About four months later, Aurora assigned Hukic's loan to another company, Ocwen Loan Servicing. Records Ocwen received indicated that Hukic had not made his January mortgage payment. On March 13, 2000, Ocwen mailed Hukic a notice of default. It stated that he needed to pay $7,261.16 by April 12, 2000 to cure the deficiency in his account, and that failure to cure the default could result in foreclosure proceedings. On September 8, 2000, Ocwen advanced $1,116 to pay Hukic's property taxes and made an adjustment to his escrow account. Ocwen also informed Hukic that month that if he had paid the property taxes directly to the county without informing Aurora or Ocwen, he should obtain a refund of the property taxes and then remit the refund to Ocwen to cure the deficiency in the escrow account. Hukic did neither. When Ocwen did not receive proof of payment, it advanced funds on two occasions in 2001 to pay Hukic's property taxes and adjusted his escrow account.
Ocwen sent Hukic over ten notices of default during 2000 and 2001. On December 6, 2000, Ocwen wrote Hukic and told him that his loan had been transferred to Ocwen's Early Intervention Department for review and possible foreclosure. On January 11, 2001, Hukic's counsel wrote to Aurora. Counsel stated that Hukic had made timely payments to Aurora and was paying his property taxes directly, and also that Hukic had been unable to refinance his home due to negative information from Aurora on his credit reports. Counsel wrote a similar letter to Aurora later in the year.
On November 7, 2001, foreclosure proceedings began against Hukic in Illinois state court. On May 16, 2003, the state court wrote in an order that Ocwen had agreed " to accept reinstatement of monthly payments and the parties will continue to negotiate the escrow issue." A month later, in an order dated June 16, 2003, the state court dismissed the foreclosure proceedings and stated that Hukic had tendered proof of payment of real estate taxes for 2002 and the first installment of 2003. Hukic later prepared an application for a property tax refund and directed that the county pay a refund of the duplicate property tax payments to Ocwen.
On April 1, 2004, Hukic notified TransUnion, a credit reporting agency, that he disputed the status of his Ocwen account and asked TransUnion to investigate. One month later, TransUnion informed Hukic that the negative credit information reported by Ocwen had been deleted from his credit report. Hukic's later credit reports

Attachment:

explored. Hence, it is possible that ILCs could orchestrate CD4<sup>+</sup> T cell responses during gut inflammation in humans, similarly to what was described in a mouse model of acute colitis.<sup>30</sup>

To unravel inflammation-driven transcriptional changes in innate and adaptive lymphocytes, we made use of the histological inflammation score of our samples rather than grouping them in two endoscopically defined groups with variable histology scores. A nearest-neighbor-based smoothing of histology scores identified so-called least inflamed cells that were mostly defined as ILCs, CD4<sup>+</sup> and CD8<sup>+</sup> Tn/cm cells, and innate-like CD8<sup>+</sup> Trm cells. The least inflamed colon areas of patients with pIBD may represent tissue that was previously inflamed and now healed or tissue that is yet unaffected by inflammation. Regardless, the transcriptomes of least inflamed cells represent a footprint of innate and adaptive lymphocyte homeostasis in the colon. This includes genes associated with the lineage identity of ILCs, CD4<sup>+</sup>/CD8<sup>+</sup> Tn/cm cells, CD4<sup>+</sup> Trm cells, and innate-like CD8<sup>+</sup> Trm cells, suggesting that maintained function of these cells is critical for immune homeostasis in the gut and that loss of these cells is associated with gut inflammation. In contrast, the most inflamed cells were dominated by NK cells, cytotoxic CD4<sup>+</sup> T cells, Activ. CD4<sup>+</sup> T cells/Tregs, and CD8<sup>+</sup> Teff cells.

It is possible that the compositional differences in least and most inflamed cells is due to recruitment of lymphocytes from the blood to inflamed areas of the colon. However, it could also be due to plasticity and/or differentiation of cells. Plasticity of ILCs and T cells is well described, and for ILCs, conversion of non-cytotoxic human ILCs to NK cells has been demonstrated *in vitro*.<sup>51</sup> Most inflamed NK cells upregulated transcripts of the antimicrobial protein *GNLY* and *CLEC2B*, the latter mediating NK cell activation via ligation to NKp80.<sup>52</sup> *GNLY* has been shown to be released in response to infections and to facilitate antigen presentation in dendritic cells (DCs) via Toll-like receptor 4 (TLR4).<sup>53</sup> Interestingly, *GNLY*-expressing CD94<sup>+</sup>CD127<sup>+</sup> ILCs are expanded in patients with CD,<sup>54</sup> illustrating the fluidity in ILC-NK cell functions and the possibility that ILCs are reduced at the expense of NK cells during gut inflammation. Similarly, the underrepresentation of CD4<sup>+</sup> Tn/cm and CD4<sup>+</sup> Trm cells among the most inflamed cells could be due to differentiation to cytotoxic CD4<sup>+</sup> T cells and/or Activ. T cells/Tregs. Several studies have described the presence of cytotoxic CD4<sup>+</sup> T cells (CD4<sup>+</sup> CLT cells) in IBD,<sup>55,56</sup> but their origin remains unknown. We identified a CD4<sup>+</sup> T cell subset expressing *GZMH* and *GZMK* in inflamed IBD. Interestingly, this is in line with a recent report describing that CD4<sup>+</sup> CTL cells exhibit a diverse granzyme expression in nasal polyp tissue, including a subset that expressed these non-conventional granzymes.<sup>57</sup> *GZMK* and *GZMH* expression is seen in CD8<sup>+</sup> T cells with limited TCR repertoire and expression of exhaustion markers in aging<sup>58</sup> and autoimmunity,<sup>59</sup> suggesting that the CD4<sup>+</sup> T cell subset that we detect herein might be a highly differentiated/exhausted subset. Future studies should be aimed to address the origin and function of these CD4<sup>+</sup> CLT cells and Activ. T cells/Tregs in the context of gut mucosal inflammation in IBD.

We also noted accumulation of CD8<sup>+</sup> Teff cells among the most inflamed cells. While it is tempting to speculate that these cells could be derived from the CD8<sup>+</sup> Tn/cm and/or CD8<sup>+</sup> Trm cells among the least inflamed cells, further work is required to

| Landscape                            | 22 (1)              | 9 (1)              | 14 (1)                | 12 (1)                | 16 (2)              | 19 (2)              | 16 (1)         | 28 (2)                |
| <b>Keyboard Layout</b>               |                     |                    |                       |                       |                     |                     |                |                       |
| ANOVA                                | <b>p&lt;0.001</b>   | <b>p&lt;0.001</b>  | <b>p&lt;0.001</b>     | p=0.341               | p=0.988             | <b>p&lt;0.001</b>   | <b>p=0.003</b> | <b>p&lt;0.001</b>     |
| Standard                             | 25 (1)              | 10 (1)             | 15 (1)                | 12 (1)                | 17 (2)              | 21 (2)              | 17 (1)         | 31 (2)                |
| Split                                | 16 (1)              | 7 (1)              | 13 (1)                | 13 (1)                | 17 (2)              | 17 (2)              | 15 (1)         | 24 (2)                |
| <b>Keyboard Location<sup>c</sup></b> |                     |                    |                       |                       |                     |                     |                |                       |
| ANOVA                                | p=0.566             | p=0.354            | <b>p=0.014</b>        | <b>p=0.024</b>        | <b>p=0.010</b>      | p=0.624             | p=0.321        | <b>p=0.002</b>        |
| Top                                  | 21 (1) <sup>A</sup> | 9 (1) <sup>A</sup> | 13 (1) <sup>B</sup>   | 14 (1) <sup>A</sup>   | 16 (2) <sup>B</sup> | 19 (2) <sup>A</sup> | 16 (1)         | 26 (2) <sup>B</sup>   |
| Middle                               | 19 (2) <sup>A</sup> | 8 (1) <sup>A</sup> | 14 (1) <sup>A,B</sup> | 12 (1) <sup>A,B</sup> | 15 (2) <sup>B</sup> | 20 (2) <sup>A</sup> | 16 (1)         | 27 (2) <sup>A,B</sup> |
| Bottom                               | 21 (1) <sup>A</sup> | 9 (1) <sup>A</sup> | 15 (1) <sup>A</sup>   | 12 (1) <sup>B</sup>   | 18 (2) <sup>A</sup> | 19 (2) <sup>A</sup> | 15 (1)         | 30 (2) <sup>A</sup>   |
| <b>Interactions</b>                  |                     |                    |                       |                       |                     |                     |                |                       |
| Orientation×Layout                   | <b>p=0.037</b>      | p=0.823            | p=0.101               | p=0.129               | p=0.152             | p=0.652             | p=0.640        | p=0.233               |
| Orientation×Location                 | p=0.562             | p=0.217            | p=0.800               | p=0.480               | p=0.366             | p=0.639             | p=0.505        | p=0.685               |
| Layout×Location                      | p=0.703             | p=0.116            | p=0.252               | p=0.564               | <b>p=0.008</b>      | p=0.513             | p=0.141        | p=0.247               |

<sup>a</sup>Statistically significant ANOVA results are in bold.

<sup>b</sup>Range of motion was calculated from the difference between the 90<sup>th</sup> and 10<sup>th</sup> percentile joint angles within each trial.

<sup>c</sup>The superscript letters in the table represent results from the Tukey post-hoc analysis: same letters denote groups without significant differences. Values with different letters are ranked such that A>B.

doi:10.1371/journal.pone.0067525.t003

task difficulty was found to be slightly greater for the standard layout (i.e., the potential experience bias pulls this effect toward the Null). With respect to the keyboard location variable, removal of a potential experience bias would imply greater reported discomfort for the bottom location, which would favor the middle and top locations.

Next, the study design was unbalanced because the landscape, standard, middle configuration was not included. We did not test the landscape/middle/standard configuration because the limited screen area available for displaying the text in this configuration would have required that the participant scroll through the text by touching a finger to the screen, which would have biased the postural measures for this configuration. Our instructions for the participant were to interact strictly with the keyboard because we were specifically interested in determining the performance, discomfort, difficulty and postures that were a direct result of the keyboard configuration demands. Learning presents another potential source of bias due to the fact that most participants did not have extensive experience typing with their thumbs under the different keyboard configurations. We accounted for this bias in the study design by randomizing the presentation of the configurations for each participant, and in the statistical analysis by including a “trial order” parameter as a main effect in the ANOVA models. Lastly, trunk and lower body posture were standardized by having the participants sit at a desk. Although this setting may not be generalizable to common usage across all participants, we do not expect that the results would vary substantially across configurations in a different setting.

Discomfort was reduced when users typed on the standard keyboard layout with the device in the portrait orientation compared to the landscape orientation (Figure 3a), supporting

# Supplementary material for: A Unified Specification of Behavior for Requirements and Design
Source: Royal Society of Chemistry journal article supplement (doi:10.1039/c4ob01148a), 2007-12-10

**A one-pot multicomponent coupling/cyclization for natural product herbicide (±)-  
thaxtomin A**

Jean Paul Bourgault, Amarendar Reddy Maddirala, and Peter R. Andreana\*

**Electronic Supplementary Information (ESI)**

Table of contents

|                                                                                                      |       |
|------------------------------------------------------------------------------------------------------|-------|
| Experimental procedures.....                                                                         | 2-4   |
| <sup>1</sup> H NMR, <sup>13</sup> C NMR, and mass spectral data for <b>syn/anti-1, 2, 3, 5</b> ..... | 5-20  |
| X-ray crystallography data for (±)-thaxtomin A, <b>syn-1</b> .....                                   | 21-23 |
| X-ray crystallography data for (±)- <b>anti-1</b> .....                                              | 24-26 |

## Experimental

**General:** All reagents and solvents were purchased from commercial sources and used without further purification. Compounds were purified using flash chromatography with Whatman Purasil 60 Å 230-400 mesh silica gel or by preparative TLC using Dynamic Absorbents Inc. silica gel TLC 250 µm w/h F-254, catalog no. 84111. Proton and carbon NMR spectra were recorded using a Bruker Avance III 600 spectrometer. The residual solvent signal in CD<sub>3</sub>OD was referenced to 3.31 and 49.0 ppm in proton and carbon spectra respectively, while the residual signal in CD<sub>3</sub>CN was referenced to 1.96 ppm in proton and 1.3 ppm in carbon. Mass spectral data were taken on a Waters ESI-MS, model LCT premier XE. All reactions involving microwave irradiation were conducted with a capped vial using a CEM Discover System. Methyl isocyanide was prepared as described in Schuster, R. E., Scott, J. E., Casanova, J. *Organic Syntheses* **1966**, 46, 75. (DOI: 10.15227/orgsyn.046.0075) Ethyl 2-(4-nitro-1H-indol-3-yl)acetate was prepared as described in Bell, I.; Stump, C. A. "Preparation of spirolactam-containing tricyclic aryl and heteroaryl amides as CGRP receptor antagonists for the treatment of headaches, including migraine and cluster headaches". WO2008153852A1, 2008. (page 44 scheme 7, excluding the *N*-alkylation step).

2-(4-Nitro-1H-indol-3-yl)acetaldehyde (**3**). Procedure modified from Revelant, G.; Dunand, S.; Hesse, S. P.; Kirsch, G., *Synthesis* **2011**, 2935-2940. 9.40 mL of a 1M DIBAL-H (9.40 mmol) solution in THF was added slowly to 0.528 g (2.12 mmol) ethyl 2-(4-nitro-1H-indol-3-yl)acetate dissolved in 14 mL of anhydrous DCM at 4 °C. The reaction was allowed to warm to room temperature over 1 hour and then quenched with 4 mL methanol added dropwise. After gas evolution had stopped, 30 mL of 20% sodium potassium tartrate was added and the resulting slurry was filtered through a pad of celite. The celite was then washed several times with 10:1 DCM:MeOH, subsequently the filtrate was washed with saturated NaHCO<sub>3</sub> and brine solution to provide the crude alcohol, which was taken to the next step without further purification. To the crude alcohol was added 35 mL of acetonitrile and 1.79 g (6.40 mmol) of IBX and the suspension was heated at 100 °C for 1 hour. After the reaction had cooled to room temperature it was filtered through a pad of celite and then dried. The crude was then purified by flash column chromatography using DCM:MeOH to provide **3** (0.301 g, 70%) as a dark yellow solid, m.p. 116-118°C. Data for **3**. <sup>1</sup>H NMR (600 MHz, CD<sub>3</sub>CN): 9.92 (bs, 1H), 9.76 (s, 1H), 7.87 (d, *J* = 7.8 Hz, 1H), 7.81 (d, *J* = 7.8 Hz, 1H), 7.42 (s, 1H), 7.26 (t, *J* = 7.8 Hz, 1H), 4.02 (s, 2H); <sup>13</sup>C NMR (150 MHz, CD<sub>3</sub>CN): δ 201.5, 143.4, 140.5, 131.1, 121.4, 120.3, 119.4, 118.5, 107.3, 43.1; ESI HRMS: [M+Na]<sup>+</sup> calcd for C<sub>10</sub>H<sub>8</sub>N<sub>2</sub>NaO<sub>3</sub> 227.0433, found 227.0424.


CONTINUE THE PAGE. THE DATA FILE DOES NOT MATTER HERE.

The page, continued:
reflected an adverse account associated with Aurora but not with Ocwen.
Hukic filed suit against Aurora and Ocwen in Illinois state court on July 1, 2005. He maintained that he had been denied refinancing, loans and credit as a result of false information conveyed by Aurora and Ocwen to consumer reporting agencies. Aurora timely removed the case to federal court, and Hukic did not seek to remand the case. The district court granted the defendants' motion to dismiss seven of the counts alleged in the complaint. It later granted summary judgment to the defendants on the remaining claims for violation of the Fair Credit Reporting Act, breach of contract, and tortious interference with prospective economic advantage. Hukic appeals.
A. Subject Matter Jurisdiction
Hukic's first challenge is to our jurisdiction. He maintains that the notice of removal failed to establish diversity jurisdiction on its face, and, therefore, the federal court never had subject matter jurisdiction. Although Hukic did not raise this argument in the district court, it is always a federal court's responsibility to ensure it has jurisdiction, so we turn to that question first. See Arbaugh v. Y & H Corp., 546 U.S. 500, 514, 126 S.Ct. 1235, 163 L.Ed.2d 1097 (2006). We analyze jurisdiction based on the events at the time the case is brought. Grupo Dataflux v. Atlas Global Group, L.P., 541 U.S. 567, 124 S.Ct. 1920, 158 L.Ed.2d 866 (2004); Olympia Exp., Inc. v. Linee Aeree Italiane, S.P.A., 509 F.3d 347, 349 (7th Cir.2007). When a case is initially filed in state court and then removed to federal court, the time-of-filing rule means that we analyze our jurisdiction at the time of removal, as that is when the case first appears in federal court. Wisc. Dep't of Corrs. v. Schacht, 524 U.S. 381, 391, 118 S.Ct. 2047, 141 L.Ed.2d 364 (1998); Tropp v. Western-Southern Life Ins. Co., 381 F.3d 591, 595 (7th Cir.2004).
The federal removal statute authorizes a defendant to remove " any civil action brought in a State court of which the district courts of the United States have original jurisdiction." 28 U.S.C. § 1441(a); see Wisc. Dep't of Corrs., 524 U.S. 381 at 386, 118 S.Ct. 2047, 141 L.Ed.2d 364. One circumstance in which federal courts have original jurisdiction is when the lawsuit is between " citizens of different States" and the amount in controversy is over $75,000. 28 U.S.C....